Family: Geraniaceae, (Pelargonium graveolens L'Her. ex
Source: Simon, J.E., A.F. Chadwick and L.E. Craker. 1984.
Herbs: An Indexed Bibliography. 1971-1980. The Scientific Literature
on Selected Herbs, and Aromatic and Medicinal Plants of the Temperate
Zone. Archon Books, 770 pp., Hamden, CT.
Rose geranium, Pelargonium graveolens L'Her. ex Ait., is
one of the many fragrant species of Pelargonium used as
a source of geranium oil. The woody, perennial herb is native
to South Africa and is produced in Egypt, France, the People's
Republic of China, Algeria, South Africa, Morocco, and Spain.
Reaching a height of one meter, the plant has pubescent, fragrant,
green, deeply lobed leaves and rose-colored flowers.
The geranium flourishes in the full sun of temperate and subtropical
climates. Best growth is obtained on well-drained, fertile
soils and under a high relative humidity. The species are cold
sensitive but tolerant of drought.
The essential oil accumulates in small glands found in the foliage
and flowers. Harvesting, usually done by hand two or three times
annually, begins as the plant starts flowering. The herb is cut
in the morning in sunny, dry weather. Distillation begins after
a few hours of field drying.
There are several types of geranium oil, the main ones being Reunion
or Bourbon, Algerian, Moroccan, and French. The oils are composed
chiefly of geraniol, citronellol, linalool, citronellyl formate,
and several other compounds (7.5-124, 8.2-13, 8.2-33,
14.1-9). Reunion oil is very rich in citronellol and has
a heavy rose and minty odor. Algerian oil has a delicate odor.
Moroccan oil is similar to Algerian oil. French oil is thought
to possess the finest rose-like odor. The concrete and absolute
of geranium are also available commercially.
The oil of geranium, widely used in perfumery and cosmetics, is
stable and blends well with other fragrances. Dried leaves are
used in sachets and potpourris. Leaves of geranium are also used
in herbal teas and the oil is used in baked goods and fruit desserts.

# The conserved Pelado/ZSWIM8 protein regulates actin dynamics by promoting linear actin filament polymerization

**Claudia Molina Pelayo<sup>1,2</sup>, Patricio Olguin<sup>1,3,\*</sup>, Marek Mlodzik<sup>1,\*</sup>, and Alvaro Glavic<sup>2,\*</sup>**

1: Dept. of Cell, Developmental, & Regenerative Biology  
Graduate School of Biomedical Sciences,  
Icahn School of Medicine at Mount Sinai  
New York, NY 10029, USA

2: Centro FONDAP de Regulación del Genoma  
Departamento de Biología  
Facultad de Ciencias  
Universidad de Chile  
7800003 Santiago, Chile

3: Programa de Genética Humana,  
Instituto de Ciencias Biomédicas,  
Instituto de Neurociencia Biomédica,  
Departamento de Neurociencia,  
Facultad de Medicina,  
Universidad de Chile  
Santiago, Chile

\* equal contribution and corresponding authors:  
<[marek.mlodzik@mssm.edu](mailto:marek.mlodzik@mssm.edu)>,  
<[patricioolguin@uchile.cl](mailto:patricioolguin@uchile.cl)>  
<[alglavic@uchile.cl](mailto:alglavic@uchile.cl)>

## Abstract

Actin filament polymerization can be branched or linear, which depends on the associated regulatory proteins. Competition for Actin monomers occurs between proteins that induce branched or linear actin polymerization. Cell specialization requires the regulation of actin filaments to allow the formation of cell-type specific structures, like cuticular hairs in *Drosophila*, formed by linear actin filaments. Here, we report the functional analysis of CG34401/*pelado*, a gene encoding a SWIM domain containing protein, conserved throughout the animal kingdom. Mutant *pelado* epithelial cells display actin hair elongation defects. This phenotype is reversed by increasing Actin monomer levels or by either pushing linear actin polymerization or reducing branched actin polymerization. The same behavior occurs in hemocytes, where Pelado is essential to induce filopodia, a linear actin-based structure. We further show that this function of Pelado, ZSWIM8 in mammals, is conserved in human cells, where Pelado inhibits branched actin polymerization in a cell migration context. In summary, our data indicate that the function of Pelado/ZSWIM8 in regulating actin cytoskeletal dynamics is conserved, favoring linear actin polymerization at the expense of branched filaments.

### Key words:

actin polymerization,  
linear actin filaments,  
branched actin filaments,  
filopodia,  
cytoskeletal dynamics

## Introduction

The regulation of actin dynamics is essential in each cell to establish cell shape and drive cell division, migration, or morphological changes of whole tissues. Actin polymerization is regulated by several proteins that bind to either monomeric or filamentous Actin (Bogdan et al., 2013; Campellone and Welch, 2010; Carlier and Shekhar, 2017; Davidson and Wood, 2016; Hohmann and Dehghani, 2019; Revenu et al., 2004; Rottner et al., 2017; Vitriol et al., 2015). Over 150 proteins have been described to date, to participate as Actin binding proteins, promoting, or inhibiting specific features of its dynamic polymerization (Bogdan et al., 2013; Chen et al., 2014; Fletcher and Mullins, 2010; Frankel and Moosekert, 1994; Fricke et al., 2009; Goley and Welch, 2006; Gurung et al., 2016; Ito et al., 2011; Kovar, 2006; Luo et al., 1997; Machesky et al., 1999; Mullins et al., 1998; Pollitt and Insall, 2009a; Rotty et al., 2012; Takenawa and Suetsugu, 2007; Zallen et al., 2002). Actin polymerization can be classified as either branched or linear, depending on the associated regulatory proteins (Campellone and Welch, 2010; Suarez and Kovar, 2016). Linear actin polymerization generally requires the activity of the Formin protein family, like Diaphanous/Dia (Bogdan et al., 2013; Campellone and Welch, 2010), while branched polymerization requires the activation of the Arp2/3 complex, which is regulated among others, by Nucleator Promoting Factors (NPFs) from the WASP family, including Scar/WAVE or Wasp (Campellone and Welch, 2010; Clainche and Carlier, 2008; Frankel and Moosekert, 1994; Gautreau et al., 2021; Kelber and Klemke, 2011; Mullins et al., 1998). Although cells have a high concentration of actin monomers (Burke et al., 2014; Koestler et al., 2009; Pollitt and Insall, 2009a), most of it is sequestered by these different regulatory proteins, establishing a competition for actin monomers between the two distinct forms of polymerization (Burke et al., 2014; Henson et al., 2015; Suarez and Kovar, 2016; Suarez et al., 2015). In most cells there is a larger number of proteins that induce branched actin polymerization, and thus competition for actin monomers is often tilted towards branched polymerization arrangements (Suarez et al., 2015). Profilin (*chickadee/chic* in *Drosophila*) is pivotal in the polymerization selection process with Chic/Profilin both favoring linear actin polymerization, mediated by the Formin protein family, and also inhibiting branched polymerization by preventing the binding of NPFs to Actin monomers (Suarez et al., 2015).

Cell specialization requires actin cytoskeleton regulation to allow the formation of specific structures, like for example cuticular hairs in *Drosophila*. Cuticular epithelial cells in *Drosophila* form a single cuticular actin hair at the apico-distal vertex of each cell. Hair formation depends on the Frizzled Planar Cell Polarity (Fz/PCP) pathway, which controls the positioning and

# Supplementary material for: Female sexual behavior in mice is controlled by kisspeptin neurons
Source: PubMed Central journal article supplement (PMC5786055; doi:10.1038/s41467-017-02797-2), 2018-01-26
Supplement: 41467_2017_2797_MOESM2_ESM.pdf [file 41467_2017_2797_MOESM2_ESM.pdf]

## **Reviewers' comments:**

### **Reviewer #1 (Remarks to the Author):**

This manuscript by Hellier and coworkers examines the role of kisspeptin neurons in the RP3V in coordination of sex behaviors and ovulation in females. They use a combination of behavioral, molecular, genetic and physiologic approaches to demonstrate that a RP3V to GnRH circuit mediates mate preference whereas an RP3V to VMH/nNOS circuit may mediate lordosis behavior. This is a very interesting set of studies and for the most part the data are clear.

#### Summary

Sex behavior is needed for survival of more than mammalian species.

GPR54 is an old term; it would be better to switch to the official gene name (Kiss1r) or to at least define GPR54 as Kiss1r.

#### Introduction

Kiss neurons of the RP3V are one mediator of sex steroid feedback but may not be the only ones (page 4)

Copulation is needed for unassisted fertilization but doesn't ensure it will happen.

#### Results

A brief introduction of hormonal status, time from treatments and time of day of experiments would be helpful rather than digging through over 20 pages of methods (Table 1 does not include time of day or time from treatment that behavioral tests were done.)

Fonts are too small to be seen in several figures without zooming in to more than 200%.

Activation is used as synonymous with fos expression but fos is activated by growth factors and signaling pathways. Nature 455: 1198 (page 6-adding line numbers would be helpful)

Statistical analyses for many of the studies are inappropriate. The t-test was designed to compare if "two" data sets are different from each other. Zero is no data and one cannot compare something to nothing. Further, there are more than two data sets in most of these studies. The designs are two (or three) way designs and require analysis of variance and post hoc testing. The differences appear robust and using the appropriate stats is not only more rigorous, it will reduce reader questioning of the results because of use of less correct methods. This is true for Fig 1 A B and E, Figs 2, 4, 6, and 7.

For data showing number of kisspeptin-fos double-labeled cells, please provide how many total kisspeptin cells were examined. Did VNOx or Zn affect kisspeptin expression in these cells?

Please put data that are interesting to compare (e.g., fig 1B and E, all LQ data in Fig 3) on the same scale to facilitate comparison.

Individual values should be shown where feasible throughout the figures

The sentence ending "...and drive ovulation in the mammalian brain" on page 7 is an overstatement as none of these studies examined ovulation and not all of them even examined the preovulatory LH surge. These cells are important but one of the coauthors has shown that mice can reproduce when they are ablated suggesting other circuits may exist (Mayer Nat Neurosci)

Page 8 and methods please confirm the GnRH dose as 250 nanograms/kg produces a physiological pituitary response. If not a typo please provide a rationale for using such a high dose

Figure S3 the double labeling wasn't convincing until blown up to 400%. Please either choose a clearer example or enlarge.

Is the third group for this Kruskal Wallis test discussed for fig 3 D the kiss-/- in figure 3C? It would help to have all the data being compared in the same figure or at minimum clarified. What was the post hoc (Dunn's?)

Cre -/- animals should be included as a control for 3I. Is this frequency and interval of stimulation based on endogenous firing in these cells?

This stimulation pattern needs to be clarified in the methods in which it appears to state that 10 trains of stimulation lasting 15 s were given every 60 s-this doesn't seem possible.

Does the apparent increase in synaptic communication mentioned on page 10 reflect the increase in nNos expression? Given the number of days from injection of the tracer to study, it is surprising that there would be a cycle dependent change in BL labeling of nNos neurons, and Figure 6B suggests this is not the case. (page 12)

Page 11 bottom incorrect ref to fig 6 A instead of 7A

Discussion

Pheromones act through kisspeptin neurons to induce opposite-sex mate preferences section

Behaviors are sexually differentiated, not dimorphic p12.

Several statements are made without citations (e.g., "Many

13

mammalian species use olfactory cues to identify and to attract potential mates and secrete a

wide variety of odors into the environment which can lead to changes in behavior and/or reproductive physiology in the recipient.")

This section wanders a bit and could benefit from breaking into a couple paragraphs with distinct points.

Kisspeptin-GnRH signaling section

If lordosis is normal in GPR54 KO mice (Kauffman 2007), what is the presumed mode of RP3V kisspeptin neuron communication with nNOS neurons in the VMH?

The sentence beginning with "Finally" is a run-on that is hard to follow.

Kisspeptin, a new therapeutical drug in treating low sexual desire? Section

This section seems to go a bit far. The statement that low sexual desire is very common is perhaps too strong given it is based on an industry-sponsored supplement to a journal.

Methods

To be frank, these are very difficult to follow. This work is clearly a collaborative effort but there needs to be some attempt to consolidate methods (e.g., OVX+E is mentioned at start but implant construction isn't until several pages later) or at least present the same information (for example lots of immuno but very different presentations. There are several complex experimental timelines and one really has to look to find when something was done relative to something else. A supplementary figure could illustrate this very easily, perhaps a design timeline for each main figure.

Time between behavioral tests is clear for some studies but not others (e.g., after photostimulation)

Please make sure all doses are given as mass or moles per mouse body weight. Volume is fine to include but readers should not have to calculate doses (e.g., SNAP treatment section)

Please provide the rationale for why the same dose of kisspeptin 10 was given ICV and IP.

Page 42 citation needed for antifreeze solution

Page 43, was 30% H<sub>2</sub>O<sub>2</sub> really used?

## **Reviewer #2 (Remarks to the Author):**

The geranium of florists comes from many annual and perennial
geranium species that vary in fragrance, growth habit and leaf
and flower color. The scented geraniums are extensively used in
flower gardens and as potted herbs.
As a medicinal plant, geranium has traditionally been considered
an astringent and used as a folk remedy in the treatment of ulcers
(11.1-50). A terpine hydrate synthesized from geraniol is
known to be, an effective expectorant (11.1-96). Leaves are
reported to have antifungal activity (7.5-124). Scented geranium
and oil of geranium are reported to cause contact dermititis (8.2-79,
11.1-96). Geranium is reported to repel insects because of
its citronellol content.
Several forms, varieties, and hybrids of geranium exist. Rose-scented
geranium, Pelargonium capitatum (L.) L'Her. ex Ait.;
nutmeg geranium, Pelargonium fragrans Willd.; apple geranium,
Pelareonium odoratissimum (L.) L'Her. ex Ait. and crowfoot
geranium Pelargonium radens H. E. Moore, represent the
wide diversity of plants that contribute to the production of
geranium oil. Geranium macrorrhizum L., an aromatic plant,
and wild geranium, Geranium maculatum, are members of the
Geraneaceae family and should not be confused with the scented
geraniums. Although used in flavoring and perfumery, East Indian
geranium is actually Cymbopogon martini Stapf., of the
Pelargonium species are generally recognized as safe for
human consumption as natural seasonings/flavorings and as plant
extracts/essential oils (21 CFR sections 182.10, 182.20 .
[Note: References listed above in parentheses can be found in
full in the original reference].
Last modified 6-Dec-1997